NEW ORLEANS -- The federal judge who presided over the Danziger Bridge trial during which five officers were convicted of civil rights violations has left the door open for a new trial based on blog comments and possible prosecutorial misconduct by high ranking members of the U.S. Attorney's Office.
In an order issued Monday, Judge Kurt Engelhardt said he is awaiting the results of the newly expanded U.S. Department of Justice investigation into the blogging scandal before ruling on the prison defendants' motion for a new trial.
Prosecutor Sal Perricone resigned after being exposed as a blogger on the NOLA web site under several aliases. It initially appeared the scandal would end with Perricone, but two weeks ago, former First Assistant Jan Mann was demoted after she was exposed as a blogger two weeks ago. She is on leave and has not returned to work.
Both prosecutors commented on a wide range of cases being handled by their office, as well as disparaging remarks about a host of public officials.
As a result of the most recent revelations by Mann, the Danziger defendants are re-urging a review of their request for a new trial. Their initial request, filed under seal in May, argued that the government leaked information to the media as part of a 'secret public relations campaign' in an effort to sway public opinion against the New Orleans Police Department.
Following their convictions in the summer of 2011, Judge Kurt Engelhardt sentenced Sgt. Kenneth Bowen to 40 years in prison, Sgt. Robert Gisevius to 40 years, Officer Robert Faulcon to 65 years, and Officer Anthony Villavaso to 38 years.
The fifth officer, Sgt. Archie Kaufman, was sentenced to six years after being convicted of masterminding a cover-up.
In his ruling Monday, Engelhardt expressed concerns over the most recent blog revelations.
'Unfortunately, from the Court's perspective, more questions abound than ever about Perricone, former first AUSA Mann, and possibly others,' Engelhardt wrote.
'In light of this backdrop, along with the still unknown extent to which AUSA Perricone, first AUSA Mann, and perhaps others, took liberties with knowledge possessed through positions of authority in the United States Attorney's Office, the court believes further inquiry is warranted,' stated Engelhardt later in his ruling. 'The court will not simply turn a blind eye toward such matters of consequence.'
During a discussion with all counsel participating, First AUSA Mann indicated her belief that certain individuals, perhaps even employees of this Court, posted opinions on nola.com. Finding this assertion quite unsettling over the next few days, the undersigned hand delivered a letter to First AUSA Mann on October 16, 2012, making the following request:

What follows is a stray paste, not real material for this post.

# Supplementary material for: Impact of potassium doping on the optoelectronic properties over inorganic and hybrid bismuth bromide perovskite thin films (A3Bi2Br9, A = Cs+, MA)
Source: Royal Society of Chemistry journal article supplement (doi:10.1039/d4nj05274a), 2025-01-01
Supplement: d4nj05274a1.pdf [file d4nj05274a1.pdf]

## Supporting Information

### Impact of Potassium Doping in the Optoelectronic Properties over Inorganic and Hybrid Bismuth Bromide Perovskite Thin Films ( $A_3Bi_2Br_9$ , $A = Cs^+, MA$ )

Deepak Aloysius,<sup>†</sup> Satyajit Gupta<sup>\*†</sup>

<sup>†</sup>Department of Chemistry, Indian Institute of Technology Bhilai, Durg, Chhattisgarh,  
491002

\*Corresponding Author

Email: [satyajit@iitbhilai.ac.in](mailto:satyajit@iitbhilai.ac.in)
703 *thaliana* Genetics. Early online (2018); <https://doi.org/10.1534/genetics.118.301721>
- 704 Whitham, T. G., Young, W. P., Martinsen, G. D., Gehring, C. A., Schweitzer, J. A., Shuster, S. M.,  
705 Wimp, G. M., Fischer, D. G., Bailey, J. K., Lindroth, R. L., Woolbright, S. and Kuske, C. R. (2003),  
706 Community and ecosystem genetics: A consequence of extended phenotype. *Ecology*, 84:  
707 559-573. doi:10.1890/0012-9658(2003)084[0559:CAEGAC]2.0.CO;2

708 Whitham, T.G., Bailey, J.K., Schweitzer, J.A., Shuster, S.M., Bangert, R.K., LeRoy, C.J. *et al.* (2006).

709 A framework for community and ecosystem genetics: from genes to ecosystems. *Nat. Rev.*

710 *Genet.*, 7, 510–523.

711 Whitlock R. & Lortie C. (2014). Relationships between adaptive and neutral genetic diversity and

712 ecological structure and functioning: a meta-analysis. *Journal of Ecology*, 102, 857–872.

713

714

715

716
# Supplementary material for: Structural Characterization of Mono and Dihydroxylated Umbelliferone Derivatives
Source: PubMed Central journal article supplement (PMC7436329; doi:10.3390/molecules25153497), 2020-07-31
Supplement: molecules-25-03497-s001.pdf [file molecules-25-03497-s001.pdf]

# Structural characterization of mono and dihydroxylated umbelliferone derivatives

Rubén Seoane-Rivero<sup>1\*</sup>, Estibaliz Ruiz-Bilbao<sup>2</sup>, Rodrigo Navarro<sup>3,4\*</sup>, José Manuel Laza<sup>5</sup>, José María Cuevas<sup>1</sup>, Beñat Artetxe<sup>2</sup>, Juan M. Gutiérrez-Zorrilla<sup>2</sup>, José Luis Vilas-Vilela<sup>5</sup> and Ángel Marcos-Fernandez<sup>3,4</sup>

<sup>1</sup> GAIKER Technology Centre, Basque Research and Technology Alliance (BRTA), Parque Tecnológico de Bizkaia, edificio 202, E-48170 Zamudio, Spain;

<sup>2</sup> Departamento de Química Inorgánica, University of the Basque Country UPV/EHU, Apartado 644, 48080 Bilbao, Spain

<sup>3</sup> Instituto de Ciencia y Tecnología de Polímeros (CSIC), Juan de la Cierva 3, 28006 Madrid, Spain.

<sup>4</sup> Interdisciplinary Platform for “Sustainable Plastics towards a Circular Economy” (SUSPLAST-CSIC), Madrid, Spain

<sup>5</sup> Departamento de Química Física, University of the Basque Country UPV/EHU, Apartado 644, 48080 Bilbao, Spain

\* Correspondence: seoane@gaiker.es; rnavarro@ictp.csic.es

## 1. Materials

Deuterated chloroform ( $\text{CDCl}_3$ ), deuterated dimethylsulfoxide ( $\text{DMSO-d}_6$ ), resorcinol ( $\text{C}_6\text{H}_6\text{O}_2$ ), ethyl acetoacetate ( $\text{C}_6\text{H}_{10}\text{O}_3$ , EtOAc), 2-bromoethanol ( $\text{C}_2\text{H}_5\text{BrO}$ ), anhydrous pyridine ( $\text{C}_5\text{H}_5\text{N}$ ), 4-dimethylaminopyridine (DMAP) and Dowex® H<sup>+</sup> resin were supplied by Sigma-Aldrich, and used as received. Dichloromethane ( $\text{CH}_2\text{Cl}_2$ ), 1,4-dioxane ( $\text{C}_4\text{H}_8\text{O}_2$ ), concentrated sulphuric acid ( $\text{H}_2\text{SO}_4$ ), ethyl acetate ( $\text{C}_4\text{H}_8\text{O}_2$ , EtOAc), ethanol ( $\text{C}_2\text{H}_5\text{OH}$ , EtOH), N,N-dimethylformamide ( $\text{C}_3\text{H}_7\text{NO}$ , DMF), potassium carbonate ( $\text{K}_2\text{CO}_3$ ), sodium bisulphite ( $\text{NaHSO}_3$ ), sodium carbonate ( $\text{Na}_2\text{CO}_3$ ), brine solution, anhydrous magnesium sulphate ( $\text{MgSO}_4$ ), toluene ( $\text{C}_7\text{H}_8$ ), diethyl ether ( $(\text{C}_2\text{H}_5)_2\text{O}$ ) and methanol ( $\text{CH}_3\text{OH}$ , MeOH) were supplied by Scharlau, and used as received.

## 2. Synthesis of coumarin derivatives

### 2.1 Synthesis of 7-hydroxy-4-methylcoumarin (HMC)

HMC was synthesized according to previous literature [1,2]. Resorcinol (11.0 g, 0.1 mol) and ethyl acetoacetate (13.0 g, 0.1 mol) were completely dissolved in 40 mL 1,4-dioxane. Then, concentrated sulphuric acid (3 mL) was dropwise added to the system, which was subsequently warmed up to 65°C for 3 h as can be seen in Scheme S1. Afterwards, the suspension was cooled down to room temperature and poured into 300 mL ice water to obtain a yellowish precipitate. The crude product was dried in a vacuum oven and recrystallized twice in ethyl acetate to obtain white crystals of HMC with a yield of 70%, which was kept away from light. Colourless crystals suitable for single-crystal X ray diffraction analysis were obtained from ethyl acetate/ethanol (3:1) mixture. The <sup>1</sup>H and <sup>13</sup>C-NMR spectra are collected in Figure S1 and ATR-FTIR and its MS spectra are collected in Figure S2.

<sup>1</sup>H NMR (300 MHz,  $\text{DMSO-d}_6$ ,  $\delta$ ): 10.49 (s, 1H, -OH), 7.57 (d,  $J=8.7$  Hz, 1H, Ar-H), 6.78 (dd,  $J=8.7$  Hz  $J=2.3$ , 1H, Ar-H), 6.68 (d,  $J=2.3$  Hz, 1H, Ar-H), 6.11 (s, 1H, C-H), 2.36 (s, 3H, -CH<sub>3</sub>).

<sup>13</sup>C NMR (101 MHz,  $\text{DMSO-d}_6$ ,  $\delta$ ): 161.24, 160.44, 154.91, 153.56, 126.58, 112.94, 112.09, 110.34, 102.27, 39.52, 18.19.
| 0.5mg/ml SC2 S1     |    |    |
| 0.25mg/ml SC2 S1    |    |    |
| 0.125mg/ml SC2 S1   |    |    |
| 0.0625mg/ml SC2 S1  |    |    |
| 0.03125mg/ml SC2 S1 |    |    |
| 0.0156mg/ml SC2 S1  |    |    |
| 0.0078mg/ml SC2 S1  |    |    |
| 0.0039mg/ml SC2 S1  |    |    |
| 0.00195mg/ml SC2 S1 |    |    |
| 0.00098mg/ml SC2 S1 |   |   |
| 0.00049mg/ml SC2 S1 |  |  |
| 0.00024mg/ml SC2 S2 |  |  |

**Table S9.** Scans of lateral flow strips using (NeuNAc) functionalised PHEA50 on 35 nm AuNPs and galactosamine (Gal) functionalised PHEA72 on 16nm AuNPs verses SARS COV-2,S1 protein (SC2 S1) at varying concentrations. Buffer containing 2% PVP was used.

'I am writing to request that U.S. Attorney's Office personnel, both now and in the future, provide me with the identities of any persons employed in this district by the court or any of the related agencies, e.g., Probation Office and U.S. Marshals Service, posting information about pending court proceedings to the extent it can be ascertained with reliable factual information. As you know, I have been and remain keenly interested in maintaining the integrity of the court's processes, including the handling of sensitive information (which may be confidential), as well as the public's perception that all court proceedings are handled in a fair and impartial manner by those involved in them, including court personnel. I trust that Jim [Letten] and you share my interest.'
On October 19, 2012, First AUSA Mann responded by letter:
'I am writing in response to your October 16, 2012 letter requesting personnel of the U.S. Attorney's Office advise you if we ever know about a court employee improperly posting. To clarify, I did not intend to cast aspersions on anyone in particular but rather was suggesting to the defense attorneys that 'he who is without sin among you, let him cast the first stone. In what I believed was a philosophical discussion after the conclusion of the status conference, I suppose I rather inarticulately suggested that post-Perricone I have concluded that there were individuals at every level who were making comments anonymously on nola.com (not necessarily divulging confidential information but voicing their opinions). Prior to the Perricone incident, I was not a follower of nola.com postings and had no real sense of what was happening there. Since then, I have read most of the articles and accompanying comments in which Perricone participated and also have had discussion with folks who bring up the subject when they find out where I work. I merely meant to say that the defense attorneys were being broadly judgmental to assert that the government alone had been posting about cases and they should acknowledge that their own criminal defense bar and others including employees of the various courthouses were possibly doing so as well. I believe that the Perricone incident was a valuable teaching moment for everyone about the perils of the internet, recognizing depression and burnout and several other of life's pitfalls. I find interesting, when I have the luxury of separating myself from it, the First Amendment implications as well as issues of freedom of the press and other policy and practical considerations. In trying to express these thoughts about human failings and flaws, about hypocrisy and hidden agendas, I did not intend to suggest that anyone else in particular was posting. If I was so perceived, I regret it. We are now keenly aware of potential for individuals posting and will remain vigilant for abuses.'
Mann's letter came several weeks before she was exposed for writing her own blog posts on NOLA.com under the alias 'eweman.'